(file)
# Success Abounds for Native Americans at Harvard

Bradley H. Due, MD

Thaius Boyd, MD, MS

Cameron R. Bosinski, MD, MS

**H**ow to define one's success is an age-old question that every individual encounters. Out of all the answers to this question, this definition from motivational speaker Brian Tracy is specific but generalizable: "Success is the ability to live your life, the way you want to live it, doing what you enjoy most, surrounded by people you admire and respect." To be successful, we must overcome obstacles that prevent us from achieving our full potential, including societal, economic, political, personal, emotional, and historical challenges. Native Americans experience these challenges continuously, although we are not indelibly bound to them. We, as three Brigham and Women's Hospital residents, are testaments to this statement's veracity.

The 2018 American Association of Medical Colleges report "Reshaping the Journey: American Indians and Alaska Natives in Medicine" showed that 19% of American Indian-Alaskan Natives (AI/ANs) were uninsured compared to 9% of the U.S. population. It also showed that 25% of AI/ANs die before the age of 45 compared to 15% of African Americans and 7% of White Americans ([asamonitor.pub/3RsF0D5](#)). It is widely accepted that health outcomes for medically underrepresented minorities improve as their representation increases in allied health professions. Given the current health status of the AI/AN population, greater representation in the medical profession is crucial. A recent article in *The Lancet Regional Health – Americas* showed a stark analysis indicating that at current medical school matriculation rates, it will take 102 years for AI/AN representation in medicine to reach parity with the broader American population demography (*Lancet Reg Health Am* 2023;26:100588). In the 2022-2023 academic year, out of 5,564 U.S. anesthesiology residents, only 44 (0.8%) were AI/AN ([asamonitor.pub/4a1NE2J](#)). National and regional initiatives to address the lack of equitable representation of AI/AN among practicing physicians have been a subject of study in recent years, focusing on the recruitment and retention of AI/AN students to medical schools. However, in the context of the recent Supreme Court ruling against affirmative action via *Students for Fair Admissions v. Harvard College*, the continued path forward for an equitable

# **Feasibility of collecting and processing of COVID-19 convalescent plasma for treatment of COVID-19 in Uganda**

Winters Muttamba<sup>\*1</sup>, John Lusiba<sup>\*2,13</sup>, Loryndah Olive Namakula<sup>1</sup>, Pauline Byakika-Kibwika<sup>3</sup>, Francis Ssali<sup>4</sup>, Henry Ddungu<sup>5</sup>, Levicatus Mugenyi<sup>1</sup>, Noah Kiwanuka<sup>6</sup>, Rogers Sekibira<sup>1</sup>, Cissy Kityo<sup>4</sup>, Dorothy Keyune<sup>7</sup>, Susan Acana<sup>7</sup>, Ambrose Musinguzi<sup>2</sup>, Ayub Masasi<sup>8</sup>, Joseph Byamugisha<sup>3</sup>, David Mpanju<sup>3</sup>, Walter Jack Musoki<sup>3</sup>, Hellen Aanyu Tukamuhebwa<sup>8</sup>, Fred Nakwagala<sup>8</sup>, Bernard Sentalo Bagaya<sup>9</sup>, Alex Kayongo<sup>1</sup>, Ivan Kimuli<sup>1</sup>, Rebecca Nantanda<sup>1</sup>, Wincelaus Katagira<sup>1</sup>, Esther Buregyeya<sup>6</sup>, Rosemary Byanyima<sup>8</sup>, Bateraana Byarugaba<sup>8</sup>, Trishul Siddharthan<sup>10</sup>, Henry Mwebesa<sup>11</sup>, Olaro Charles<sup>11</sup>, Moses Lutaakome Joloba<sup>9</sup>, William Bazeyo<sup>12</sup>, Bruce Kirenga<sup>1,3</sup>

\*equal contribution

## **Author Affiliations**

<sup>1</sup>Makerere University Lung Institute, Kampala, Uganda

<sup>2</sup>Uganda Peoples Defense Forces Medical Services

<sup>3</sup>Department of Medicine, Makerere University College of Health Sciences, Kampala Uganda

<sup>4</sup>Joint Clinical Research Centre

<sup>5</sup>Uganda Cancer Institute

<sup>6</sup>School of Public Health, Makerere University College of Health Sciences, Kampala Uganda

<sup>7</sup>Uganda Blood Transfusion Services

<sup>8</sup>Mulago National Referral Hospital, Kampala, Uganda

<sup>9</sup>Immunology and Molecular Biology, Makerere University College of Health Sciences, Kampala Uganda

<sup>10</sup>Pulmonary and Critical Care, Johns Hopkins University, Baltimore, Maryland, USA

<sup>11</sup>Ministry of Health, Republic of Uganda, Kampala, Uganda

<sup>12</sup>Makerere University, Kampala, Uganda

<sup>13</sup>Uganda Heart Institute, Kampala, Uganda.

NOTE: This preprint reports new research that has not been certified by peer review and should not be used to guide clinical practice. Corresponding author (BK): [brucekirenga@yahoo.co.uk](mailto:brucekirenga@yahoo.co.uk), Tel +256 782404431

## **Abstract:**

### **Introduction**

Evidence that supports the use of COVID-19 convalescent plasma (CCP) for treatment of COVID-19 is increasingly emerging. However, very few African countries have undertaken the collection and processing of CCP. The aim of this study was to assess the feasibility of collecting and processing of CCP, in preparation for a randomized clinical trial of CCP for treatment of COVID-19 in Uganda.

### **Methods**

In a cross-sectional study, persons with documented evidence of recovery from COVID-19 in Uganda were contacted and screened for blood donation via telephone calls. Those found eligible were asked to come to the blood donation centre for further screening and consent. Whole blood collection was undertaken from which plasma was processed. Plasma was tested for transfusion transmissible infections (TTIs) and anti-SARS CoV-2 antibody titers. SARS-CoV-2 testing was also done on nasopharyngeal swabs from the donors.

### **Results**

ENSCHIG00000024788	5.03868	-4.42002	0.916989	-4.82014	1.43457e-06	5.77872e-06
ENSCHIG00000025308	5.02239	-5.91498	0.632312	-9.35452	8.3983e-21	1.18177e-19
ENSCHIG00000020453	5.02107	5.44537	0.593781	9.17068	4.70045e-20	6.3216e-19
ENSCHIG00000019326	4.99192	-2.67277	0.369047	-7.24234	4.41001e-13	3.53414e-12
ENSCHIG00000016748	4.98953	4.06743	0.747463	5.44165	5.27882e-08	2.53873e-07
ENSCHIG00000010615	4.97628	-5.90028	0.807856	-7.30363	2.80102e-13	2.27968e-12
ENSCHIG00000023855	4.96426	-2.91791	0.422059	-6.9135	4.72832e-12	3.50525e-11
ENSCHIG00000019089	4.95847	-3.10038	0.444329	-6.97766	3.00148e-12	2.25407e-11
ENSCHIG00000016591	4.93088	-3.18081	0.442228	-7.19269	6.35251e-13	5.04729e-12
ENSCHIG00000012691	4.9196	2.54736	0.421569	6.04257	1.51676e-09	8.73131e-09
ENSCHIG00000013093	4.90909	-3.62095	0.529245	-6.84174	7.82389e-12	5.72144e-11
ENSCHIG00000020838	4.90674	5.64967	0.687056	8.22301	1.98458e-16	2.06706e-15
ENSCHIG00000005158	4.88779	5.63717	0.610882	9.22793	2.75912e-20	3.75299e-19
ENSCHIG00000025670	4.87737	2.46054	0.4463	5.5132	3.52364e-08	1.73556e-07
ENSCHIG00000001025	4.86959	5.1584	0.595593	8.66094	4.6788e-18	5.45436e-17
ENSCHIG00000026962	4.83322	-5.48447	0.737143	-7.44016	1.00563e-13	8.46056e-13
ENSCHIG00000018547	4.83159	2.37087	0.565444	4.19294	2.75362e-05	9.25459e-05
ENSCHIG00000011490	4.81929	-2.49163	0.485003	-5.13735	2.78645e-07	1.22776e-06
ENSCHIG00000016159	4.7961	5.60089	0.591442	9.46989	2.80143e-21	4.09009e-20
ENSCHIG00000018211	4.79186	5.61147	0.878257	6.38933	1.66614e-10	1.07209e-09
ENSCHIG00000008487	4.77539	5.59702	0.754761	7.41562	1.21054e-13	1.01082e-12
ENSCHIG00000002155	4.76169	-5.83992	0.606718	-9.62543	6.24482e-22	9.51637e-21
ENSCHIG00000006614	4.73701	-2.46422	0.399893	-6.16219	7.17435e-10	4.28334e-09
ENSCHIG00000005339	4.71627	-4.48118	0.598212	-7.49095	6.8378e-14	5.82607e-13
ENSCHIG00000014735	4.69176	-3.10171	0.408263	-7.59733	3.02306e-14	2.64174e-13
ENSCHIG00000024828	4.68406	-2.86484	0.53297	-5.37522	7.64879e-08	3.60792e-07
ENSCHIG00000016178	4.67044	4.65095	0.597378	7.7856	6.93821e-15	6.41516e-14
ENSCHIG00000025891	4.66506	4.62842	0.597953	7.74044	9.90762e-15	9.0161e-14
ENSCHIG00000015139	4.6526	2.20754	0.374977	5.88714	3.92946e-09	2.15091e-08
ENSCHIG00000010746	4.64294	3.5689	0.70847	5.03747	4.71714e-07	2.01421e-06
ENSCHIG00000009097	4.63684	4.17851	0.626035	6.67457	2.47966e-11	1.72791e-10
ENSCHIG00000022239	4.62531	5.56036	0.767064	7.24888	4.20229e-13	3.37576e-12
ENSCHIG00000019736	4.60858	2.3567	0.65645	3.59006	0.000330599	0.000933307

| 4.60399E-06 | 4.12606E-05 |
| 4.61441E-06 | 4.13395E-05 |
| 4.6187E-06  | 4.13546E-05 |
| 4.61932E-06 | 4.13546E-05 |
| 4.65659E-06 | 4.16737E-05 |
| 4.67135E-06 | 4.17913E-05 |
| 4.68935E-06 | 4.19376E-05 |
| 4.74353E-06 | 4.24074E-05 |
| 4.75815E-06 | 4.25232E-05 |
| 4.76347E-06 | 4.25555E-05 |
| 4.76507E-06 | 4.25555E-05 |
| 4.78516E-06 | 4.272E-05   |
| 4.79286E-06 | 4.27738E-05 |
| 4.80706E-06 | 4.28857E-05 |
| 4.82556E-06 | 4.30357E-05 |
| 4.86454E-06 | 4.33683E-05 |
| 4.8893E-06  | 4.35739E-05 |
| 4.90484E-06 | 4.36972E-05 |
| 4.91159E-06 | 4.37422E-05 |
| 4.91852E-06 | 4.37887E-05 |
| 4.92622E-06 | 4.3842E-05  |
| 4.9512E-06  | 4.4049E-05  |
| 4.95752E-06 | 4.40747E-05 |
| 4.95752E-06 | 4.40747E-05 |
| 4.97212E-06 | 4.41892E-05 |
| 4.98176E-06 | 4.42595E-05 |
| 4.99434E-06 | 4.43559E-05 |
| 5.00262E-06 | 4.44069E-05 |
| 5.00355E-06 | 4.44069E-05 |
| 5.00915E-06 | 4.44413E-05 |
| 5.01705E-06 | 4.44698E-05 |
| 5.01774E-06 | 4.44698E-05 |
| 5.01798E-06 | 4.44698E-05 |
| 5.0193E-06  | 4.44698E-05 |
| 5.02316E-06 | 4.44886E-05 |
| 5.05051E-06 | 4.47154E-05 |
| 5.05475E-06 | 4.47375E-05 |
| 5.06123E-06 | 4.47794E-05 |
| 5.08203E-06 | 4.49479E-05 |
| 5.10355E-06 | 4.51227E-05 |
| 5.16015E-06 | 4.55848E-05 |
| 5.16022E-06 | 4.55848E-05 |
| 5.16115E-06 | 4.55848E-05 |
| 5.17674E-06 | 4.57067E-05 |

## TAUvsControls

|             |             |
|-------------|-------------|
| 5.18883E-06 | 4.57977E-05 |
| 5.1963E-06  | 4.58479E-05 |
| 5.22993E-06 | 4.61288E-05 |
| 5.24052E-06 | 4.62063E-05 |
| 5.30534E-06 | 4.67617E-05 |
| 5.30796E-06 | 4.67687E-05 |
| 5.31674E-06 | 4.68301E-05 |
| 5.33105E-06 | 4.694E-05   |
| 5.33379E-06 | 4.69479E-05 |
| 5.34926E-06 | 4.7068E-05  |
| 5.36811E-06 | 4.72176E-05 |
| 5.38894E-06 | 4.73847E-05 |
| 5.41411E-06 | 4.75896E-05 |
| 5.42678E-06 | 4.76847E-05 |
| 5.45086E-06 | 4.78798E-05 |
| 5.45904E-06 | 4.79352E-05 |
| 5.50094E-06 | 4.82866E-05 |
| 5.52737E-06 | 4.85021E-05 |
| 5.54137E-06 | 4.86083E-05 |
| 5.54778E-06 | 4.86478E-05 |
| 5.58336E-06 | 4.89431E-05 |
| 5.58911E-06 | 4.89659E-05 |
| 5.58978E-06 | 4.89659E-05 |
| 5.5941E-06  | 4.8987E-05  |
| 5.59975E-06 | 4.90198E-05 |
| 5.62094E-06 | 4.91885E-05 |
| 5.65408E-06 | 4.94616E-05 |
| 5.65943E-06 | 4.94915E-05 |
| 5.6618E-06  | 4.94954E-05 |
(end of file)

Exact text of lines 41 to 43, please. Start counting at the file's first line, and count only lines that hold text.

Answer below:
ENSCHIG00000013093	4.90909	-3.62095	0.529245	-6.84174	7.82389e-12	5.72144e-11
ENSCHIG00000020838	4.90674	5.64967	0.687056	8.22301	1.98458e-16	2.06706e-15
ENSCHIG00000005158	4.88779	5.63717	0.610882	9.22793	2.75912e-20	3.75299e-19